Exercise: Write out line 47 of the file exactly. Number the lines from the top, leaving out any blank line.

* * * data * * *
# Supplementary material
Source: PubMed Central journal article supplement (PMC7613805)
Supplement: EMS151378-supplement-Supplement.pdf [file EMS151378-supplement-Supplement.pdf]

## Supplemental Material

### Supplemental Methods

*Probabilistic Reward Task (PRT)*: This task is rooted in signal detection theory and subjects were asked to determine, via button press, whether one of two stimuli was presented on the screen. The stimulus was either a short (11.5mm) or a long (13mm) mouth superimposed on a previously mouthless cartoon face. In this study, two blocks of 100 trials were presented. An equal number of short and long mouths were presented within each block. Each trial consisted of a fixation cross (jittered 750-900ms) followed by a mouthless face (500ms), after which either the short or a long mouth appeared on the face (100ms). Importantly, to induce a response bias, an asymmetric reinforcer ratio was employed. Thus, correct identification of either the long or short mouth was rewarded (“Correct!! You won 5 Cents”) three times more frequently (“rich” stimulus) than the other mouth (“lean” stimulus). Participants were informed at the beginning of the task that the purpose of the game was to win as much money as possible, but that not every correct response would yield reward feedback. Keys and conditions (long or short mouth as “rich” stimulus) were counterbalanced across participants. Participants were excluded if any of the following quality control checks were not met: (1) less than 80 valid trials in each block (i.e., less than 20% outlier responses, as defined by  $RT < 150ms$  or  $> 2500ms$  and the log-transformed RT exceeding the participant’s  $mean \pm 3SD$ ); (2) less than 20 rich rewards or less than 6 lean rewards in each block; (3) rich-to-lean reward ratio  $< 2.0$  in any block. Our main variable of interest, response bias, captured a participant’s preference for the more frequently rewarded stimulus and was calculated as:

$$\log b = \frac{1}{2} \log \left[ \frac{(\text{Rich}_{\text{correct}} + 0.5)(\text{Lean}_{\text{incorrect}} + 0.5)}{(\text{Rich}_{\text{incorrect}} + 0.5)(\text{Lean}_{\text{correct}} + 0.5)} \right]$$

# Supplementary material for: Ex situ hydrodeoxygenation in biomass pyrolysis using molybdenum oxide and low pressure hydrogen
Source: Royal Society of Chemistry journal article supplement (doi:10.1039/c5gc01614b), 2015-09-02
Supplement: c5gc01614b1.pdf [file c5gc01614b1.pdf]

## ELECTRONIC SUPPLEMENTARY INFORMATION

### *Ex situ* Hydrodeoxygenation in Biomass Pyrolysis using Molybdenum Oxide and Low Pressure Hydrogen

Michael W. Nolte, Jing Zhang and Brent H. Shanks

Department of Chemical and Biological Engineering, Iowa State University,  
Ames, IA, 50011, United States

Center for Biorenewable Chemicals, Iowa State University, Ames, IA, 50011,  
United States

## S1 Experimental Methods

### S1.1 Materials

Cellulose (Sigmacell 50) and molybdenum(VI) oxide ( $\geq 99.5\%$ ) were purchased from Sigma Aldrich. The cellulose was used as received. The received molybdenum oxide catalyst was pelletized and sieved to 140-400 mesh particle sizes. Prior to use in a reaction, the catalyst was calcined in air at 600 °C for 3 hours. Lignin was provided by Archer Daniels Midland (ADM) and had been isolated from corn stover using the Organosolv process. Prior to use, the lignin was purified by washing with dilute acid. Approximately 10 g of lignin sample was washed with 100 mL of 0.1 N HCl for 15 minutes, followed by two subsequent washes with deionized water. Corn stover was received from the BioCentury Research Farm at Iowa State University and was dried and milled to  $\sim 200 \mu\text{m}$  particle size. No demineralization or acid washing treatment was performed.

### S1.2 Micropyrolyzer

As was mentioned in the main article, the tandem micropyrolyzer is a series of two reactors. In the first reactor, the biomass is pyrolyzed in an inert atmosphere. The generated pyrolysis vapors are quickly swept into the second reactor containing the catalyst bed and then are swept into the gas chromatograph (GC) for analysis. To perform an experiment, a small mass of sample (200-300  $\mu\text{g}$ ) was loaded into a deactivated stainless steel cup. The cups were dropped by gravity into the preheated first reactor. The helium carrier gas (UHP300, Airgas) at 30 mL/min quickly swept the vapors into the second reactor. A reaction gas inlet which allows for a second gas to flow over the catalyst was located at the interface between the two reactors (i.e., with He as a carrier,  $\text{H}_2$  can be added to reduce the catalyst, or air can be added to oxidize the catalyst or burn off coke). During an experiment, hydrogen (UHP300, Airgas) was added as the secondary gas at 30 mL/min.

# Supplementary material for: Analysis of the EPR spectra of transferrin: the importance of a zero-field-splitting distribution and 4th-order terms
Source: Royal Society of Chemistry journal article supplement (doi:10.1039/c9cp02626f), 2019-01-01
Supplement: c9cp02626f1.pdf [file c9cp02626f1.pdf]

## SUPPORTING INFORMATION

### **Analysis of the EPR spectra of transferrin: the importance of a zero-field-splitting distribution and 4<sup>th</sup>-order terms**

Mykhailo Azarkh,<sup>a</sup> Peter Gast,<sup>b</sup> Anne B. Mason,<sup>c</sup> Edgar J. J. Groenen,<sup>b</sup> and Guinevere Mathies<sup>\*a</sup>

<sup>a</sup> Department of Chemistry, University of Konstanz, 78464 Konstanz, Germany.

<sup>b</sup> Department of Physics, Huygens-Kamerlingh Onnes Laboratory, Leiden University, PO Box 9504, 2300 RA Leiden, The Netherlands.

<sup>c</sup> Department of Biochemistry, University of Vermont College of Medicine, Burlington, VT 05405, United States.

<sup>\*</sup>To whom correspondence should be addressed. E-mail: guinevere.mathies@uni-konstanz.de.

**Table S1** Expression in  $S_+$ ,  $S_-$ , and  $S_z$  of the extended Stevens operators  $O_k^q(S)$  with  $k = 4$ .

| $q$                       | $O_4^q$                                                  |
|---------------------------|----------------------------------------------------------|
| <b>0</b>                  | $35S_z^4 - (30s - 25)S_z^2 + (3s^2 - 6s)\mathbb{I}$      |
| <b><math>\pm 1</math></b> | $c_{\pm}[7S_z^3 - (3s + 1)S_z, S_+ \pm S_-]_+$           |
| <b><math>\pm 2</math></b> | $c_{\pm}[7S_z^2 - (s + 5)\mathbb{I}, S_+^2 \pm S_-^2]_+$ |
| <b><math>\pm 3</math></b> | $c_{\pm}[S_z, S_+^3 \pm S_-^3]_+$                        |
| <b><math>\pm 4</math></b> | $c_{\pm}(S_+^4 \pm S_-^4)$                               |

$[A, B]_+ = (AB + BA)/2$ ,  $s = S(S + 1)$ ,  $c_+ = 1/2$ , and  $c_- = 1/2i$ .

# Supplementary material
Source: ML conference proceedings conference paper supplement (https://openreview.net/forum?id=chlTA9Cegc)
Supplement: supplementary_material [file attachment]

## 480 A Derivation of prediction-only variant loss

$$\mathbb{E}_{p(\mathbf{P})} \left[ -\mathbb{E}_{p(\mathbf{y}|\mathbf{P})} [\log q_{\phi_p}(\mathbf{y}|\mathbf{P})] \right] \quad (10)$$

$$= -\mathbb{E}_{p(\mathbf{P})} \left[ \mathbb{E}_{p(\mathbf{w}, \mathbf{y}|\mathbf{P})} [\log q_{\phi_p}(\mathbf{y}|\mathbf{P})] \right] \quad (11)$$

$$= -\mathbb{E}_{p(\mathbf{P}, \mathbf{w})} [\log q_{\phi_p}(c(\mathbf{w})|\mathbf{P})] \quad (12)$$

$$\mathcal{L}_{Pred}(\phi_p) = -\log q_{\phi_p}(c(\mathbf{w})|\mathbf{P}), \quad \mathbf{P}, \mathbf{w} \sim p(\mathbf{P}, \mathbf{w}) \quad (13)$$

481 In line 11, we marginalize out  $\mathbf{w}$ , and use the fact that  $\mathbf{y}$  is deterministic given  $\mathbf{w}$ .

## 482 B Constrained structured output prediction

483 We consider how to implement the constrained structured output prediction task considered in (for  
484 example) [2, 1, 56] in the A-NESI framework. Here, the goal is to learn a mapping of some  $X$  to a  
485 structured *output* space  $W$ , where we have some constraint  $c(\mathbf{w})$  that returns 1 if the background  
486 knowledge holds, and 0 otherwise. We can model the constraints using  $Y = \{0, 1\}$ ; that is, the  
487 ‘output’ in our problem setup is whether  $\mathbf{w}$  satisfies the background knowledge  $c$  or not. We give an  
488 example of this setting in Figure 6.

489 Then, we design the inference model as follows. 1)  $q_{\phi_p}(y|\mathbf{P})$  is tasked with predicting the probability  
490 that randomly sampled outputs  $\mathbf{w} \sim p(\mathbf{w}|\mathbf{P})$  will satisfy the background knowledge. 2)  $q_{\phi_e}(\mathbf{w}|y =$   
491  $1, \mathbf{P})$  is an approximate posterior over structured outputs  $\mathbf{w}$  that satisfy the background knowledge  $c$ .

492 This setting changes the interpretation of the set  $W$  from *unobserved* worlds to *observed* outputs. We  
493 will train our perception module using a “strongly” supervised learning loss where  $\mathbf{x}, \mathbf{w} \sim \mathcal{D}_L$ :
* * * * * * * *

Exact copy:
$$= -\mathbb{E}_{p(\mathbf{P})} \left[ \mathbb{E}_{p(\mathbf{w}, \mathbf{y}|\mathbf{P})} [\log q_{\phi_p}(\mathbf{y}|\mathbf{P})] \right] \quad (11)$$